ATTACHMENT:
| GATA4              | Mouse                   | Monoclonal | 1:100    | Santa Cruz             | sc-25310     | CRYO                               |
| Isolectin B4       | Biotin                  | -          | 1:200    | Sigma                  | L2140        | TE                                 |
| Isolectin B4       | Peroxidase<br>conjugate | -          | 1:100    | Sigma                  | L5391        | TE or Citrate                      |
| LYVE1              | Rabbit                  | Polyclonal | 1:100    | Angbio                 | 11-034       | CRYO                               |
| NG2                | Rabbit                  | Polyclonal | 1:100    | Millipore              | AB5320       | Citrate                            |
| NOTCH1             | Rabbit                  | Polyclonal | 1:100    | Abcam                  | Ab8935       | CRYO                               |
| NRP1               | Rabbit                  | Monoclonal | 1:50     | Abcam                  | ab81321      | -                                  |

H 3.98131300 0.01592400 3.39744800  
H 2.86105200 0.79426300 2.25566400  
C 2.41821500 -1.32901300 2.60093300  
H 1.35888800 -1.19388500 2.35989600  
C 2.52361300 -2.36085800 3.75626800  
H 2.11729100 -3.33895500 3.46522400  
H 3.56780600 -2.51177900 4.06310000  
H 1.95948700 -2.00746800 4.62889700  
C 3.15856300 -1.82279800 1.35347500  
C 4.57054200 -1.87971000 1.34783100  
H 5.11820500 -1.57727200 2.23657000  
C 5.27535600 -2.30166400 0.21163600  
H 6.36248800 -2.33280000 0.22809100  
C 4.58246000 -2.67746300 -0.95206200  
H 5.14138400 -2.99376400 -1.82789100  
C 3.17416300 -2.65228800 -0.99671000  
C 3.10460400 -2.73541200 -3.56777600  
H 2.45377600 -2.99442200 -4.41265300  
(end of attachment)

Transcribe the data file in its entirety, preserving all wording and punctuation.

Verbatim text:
| GATA4              | Mouse                   | Monoclonal | 1:100    | Santa Cruz             | sc-25310     | CRYO                               |
| Isolectin B4       | Biotin                  | -          | 1:200    | Sigma                  | L2140        | TE                                 |
| Isolectin B4       | Peroxidase<br>conjugate | -          | 1:100    | Sigma                  | L5391        | TE or Citrate                      |
| LYVE1              | Rabbit                  | Polyclonal | 1:100    | Angbio                 | 11-034       | CRYO                               |
| NG2                | Rabbit                  | Polyclonal | 1:100    | Millipore              | AB5320       | Citrate                            |
| NOTCH1             | Rabbit                  | Polyclonal | 1:100    | Abcam                  | Ab8935       | CRYO                               |
| NRP1               | Rabbit                  | Monoclonal | 1:50     | Abcam                  | ab81321      | -                                  |

H 3.98131300 0.01592400 3.39744800  
H 2.86105200 0.79426300 2.25566400  
C 2.41821500 -1.32901300 2.60093300  
H 1.35888800 -1.19388500 2.35989600  
C 2.52361300 -2.36085800 3.75626800  
H 2.11729100 -3.33895500 3.46522400  
H 3.56780600 -2.51177900 4.06310000  
H 1.95948700 -2.00746800 4.62889700  
C 3.15856300 -1.82279800 1.35347500  
C 4.57054200 -1.87971000 1.34783100  
H 5.11820500 -1.57727200 2.23657000  
C 5.27535600 -2.30166400 0.21163600  
H 6.36248800 -2.33280000 0.22809100  
C 4.58246000 -2.67746300 -0.95206200  
H 5.14138400 -2.99376400 -1.82789100  
C 3.17416300 -2.65228800 -0.99671000  
C 3.10460400 -2.73541200 -3.56777600  
H 2.45377600 -2.99442200 -4.41265300  